Tag Archives: love

No. 10 – The Currency of Night

1 Mar

I made a fire on the beach and settled down close to it. The warmth held me where you should have, but couldn’t. No longer did you have any arms, so it wasn’t as though this was your fault. Your choice.

Except it was. I was lying to myself again, pretending. When someone you love dies, you must re-learn to pretend, the way you did when you were four and six and eight, but rarely thirteen. It is a survival tactic. It came back naturally to me, or I had never lost the ability.

I said you had no arms, but you did have hands. I saw them. Your hands were frantically reaching toward the orange crest of every golden flame. Just the shadow of those ten fingers I remember every detail of, every line, every crease. Ten fingers that have touched every part of me, held our babies, traced out our initials into the freshly poured concrete of the foundation of our first home. Your shadow hands were frantic, shooting up toward the stars, attempting to materialize, but leaving only a faint trail of smoke at the tip of every finger.

Keep trying, I whisper softly. The air tastes like salt and carries my voice toward the Gulf of Mexico. I watch the phosphorous glow in lime green ectoplasmic jewels, swirling in the moonlight on the skin of the water. I thought if you stared long enough, it would seem as though the night sky had fallen straight into the gulf and that space was water and the water was all of space, crashing over on itself, unsure of this new choreography.

Little gifts of fish and pretty shells got left on the sand, refugees confused by the new dry land. Gasping for air the way I did when the phone call came that said you were gone. I couldn’t get the sound of that ringing telephone out of my ears for months afterward, no matter how many pills the doctors gave me. It was worse than Hitchcock. It was real life.

The waves bring in more fish, more jewels, and then take some away. Back home.

That’s where they kept telling me you went. Back home. Oh, the scars well-meaning people can leave on your heart. Of course you weren’t home. I expected you home every morning when I woke up in a panic and saw only the emptiness of your side of the bed. You weren’t home and you weren’t coming home.

It wasn’t just a nightmare, it was my life. So real it was pouring blood.

There was no trace of you on the porch, either where we used to sit on summer nights and talk about plans for our future. Our beautiful future.

I didn’t know then that there was no future, but you must have. You knew that every day was a bright miracle and there were only so many nights ahead. I could never appreciate things the way you did. If every night was a coin to be spent, I spent every blasted one as carelessly as a child expecting there would always be more pouring into my greedy little hand. I never knew night was currency and like currency there was an end to it. Once it’s spent, it’s gone.

It’s gone. Which is why I’m here on this beach making a woman-sized dent in this brown sugar sand, being held by the warmth of a fire I have created instead of by my darling husband’s arms. I am hypnotized by the shadow of the ghost of your hands. I add more driftwood, reasoning that if you only had enough fuel…you would appear.

I miss you, I whispered. The flames flicker. Not good enough.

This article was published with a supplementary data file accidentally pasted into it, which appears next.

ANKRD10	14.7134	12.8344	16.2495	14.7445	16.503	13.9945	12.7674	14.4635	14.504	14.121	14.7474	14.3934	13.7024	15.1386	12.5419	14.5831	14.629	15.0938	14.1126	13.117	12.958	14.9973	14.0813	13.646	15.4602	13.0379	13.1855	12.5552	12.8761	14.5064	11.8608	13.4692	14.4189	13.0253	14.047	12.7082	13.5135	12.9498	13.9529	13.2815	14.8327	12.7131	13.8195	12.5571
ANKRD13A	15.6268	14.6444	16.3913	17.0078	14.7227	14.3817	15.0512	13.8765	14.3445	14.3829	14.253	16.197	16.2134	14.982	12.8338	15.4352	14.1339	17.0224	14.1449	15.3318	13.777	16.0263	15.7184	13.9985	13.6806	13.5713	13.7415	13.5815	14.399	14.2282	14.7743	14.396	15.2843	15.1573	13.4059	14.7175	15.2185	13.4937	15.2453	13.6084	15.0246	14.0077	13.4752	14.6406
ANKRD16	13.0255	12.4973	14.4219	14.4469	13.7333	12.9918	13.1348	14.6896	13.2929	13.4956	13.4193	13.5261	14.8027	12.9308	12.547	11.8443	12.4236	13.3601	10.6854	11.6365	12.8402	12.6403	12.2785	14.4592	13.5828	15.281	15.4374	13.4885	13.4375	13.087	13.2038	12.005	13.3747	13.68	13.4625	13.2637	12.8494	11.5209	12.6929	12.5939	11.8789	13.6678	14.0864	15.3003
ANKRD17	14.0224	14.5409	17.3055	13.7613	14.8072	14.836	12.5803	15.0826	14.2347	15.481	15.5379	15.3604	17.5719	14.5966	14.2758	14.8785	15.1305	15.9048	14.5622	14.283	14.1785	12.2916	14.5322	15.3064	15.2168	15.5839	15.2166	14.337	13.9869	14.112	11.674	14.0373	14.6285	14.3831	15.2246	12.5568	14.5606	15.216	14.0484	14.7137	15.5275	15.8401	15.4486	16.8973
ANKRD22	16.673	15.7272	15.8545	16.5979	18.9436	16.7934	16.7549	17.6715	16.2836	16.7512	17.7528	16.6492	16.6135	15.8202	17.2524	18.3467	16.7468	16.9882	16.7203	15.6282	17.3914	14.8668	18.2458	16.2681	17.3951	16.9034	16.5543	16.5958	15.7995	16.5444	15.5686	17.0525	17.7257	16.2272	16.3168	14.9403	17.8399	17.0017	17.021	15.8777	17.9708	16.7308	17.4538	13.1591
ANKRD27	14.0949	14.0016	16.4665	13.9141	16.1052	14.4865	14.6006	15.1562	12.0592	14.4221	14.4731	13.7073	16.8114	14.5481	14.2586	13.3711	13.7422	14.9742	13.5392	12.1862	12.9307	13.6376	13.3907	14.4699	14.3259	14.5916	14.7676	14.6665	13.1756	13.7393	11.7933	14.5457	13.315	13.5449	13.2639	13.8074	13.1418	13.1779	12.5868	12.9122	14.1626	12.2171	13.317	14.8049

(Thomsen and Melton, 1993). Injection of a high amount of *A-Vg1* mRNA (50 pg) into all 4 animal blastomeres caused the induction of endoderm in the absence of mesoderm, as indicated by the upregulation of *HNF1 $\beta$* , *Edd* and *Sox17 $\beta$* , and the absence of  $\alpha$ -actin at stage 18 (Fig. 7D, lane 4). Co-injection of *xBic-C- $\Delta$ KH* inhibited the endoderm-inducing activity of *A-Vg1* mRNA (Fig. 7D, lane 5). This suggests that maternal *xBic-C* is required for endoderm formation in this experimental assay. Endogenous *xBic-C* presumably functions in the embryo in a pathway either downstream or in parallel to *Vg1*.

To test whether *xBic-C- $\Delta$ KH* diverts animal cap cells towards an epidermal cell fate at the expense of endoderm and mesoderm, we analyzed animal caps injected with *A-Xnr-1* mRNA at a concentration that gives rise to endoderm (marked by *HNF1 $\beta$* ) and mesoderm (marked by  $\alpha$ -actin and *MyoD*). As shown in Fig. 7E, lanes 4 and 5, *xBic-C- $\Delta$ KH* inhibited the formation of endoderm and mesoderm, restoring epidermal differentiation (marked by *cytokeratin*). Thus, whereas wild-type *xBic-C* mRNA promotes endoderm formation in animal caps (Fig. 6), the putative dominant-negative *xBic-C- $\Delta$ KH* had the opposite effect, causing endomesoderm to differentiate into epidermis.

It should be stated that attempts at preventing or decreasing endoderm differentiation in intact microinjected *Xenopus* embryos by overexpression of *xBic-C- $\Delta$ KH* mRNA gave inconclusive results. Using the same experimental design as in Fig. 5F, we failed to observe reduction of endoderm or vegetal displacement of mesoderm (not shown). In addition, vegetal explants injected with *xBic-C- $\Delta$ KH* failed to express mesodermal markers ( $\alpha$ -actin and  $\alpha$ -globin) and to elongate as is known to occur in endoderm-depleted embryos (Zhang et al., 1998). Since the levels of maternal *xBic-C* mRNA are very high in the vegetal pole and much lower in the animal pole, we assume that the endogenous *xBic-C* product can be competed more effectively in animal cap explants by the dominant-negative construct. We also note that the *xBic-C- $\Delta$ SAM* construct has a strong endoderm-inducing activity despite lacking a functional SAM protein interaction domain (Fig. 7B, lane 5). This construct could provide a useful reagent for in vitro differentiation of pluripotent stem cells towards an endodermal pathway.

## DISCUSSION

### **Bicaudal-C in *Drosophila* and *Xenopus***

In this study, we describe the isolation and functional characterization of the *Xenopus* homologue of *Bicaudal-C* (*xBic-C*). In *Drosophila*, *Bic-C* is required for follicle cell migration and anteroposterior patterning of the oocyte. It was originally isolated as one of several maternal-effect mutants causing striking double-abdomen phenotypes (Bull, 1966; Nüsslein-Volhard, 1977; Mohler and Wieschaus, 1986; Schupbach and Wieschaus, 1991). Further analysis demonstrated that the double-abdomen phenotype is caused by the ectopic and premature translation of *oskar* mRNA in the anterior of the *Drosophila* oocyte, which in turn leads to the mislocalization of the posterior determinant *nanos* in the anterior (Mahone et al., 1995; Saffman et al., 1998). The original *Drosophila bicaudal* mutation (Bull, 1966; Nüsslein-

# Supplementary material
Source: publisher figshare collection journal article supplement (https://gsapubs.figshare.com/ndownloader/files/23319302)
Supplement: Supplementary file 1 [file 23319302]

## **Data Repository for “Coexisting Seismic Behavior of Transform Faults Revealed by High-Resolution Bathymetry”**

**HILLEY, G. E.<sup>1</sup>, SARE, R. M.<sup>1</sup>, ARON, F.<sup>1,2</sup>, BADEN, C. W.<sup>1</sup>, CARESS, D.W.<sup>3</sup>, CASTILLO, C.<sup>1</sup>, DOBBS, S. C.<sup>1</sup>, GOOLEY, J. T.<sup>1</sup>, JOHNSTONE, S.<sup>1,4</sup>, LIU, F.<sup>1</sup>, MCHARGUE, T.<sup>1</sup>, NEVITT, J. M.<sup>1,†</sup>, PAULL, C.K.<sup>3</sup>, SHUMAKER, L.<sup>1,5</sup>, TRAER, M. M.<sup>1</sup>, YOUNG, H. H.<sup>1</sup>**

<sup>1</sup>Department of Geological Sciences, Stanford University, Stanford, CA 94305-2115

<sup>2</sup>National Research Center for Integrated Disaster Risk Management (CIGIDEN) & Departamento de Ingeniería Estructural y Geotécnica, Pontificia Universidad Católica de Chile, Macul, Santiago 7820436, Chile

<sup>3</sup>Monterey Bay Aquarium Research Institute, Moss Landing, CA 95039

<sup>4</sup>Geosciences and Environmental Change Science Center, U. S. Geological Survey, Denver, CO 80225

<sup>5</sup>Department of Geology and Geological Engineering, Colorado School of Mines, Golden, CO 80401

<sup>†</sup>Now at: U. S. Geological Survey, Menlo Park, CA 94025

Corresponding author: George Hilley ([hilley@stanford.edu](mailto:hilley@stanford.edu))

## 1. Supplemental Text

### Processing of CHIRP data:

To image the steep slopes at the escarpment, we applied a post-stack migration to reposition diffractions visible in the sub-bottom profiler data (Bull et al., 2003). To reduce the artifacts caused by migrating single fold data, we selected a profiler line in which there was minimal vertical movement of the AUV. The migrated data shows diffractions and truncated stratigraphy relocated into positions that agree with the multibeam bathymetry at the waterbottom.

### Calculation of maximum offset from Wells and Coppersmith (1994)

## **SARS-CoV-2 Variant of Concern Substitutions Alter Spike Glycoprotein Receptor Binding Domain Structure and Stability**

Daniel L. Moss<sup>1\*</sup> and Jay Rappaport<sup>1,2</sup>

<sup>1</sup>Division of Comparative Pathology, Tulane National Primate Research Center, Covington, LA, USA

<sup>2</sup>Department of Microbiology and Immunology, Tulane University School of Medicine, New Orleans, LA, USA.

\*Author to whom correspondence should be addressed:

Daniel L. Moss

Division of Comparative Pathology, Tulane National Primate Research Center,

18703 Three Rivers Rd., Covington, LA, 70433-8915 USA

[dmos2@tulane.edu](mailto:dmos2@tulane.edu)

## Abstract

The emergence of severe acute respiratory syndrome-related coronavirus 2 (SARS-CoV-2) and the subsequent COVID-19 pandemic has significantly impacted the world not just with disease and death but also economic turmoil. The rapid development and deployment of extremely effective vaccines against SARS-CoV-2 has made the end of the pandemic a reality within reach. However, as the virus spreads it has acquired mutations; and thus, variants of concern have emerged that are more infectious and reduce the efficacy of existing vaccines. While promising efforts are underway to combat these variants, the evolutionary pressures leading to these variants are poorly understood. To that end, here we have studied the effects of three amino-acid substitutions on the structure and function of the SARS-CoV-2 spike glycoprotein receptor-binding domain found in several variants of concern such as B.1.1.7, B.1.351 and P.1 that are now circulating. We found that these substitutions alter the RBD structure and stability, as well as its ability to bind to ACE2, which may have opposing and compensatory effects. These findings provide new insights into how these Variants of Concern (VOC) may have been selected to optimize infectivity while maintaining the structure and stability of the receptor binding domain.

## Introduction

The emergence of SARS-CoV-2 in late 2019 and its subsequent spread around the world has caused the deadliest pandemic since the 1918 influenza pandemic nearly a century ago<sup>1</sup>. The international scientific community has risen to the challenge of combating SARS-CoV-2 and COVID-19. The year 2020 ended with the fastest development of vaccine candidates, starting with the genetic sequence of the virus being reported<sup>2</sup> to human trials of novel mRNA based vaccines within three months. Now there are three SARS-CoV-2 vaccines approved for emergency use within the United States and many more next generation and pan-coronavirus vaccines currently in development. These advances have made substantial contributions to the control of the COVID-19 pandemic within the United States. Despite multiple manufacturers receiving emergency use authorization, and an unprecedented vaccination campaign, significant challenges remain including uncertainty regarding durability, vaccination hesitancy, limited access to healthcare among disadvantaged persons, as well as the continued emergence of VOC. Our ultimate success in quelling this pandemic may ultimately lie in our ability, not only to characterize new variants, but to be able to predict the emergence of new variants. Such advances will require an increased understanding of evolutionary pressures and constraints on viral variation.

I miss you! I cried. A little better. The flames bend and laugh and stretch.

I want him back! I scream out toward the water, imagining my words are a ribbon coiled into a glass bottle that would hurl itself as either a threat or even half a prayer toward whatever god existed out there in all that blackness.

When the fire dies you go with it. Another coin, another night gone, and I deeply feel the end of it. I leave the fish alone, but shove a few shells into my pocket.

Shells are currency, too except there is no end to them. The water brings more and more and deposits them onto the sand forever. They are real and hard and feel cold and smooth in my hands. They’ll sit on my desk as a reminder of the night I tried to conjure you. A memory, but also a gift. A gift of the knowledge that not everything ends. And even if it does, maybe it’s not really an end. New souls crash onto the shore every minute, realizing all this chaos.

 

© Ashley Noelle, 2012. All rights reserved.

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i love you

14 Feb

Inspiration File – vintage, tribal, africa

21 Jan

A couple of my favorite belongings. An antique hanger from the Roosevelt Hotel that my mom gave me, and a necklace from/handmade in Africa. Inspiration for my current jewelry designs at Bored Alice Finery.

So many memories contained in this necklace…from my previous life as a medical case manager for people living with HIV/AIDS. Several clients I had the pleasure of working for were from various parts of Africa. What they taught me about their cultures, their lives, and the world itself, I will honestly never forget. I miss the work so much, but I know I’ll be able to help others and be helped by others in my future endeavors, too…and continue to learn about…well…love, actually.

 

Real Vintage

11 Jan

I am in love with all things vintage, as you may have noticed. What I love most are photos of regular people as they lead their lives, as opposed to vintage photos of actresses or models in magazines (though those are nice, too!) I would like to share some photos from my family of extraordinary (but not famous) people in vintage photos full of glamour and vintagey goodness. Oh, the stories contained in these…I will leave you to dream a little  🙂